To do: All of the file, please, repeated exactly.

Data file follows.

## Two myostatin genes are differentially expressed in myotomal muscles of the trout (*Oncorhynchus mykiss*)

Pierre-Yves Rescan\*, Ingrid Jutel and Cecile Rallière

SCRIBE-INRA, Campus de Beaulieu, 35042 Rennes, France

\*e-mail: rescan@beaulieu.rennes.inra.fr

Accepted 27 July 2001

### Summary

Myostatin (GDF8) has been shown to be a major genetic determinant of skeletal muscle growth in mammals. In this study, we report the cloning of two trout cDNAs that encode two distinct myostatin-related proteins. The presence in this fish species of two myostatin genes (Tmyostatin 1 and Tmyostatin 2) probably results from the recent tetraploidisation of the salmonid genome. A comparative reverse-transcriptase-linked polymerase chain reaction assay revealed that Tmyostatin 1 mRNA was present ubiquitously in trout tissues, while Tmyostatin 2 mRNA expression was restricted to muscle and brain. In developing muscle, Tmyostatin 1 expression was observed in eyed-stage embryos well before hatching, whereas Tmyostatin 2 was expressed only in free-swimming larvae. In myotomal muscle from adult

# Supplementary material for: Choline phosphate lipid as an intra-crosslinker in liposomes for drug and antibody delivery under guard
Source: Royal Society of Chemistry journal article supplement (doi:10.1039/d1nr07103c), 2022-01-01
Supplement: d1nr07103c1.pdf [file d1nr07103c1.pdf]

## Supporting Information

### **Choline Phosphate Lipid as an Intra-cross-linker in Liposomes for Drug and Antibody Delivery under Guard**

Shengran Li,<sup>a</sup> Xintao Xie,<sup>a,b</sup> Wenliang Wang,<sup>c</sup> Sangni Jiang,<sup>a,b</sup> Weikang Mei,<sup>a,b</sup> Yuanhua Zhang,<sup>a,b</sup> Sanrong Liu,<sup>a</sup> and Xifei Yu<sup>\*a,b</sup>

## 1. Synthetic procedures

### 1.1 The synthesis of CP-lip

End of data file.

## Two myostatin genes are differentially expressed in myotomal muscles of the trout (*Oncorhynchus mykiss*)

Pierre-Yves Rescan\*, Ingrid Jutel and Cecile Rallière

SCRIBE-INRA, Campus de Beaulieu, 35042 Rennes, France

\*e-mail: rescan@beaulieu.rennes.inra.fr

Accepted 27 July 2001

### Summary

Myostatin (GDF8) has been shown to be a major genetic determinant of skeletal muscle growth in mammals. In this study, we report the cloning of two trout cDNAs that encode two distinct myostatin-related proteins. The presence in this fish species of two myostatin genes (Tmyostatin 1 and Tmyostatin 2) probably results from the recent tetraploidisation of the salmonid genome. A comparative reverse-transcriptase-linked polymerase chain reaction assay revealed that Tmyostatin 1 mRNA was present ubiquitously in trout tissues, while Tmyostatin 2 mRNA expression was restricted to muscle and brain. In developing muscle, Tmyostatin 1 expression was observed in eyed-stage embryos well before hatching, whereas Tmyostatin 2 was expressed only in free-swimming larvae. In myotomal muscle from adult

# Supplementary material for: Choline phosphate lipid as an intra-crosslinker in liposomes for drug and antibody delivery under guard
Source: Royal Society of Chemistry journal article supplement (doi:10.1039/d1nr07103c), 2022-01-01
Supplement: d1nr07103c1.pdf [file d1nr07103c1.pdf]

## Supporting Information

### **Choline Phosphate Lipid as an Intra-cross-linker in Liposomes for Drug and Antibody Delivery under Guard**

Shengran Li,<sup>a</sup> Xintao Xie,<sup>a,b</sup> Wenliang Wang,<sup>c</sup> Sangni Jiang,<sup>a,b</sup> Weikang Mei,<sup>a,b</sup> Yuanhua Zhang,<sup>a,b</sup> Sanrong Liu,<sup>a</sup> and Xifei Yu<sup>\*a,b</sup>

## 1. Synthetic procedures

### 1.1 The synthesis of CP-lip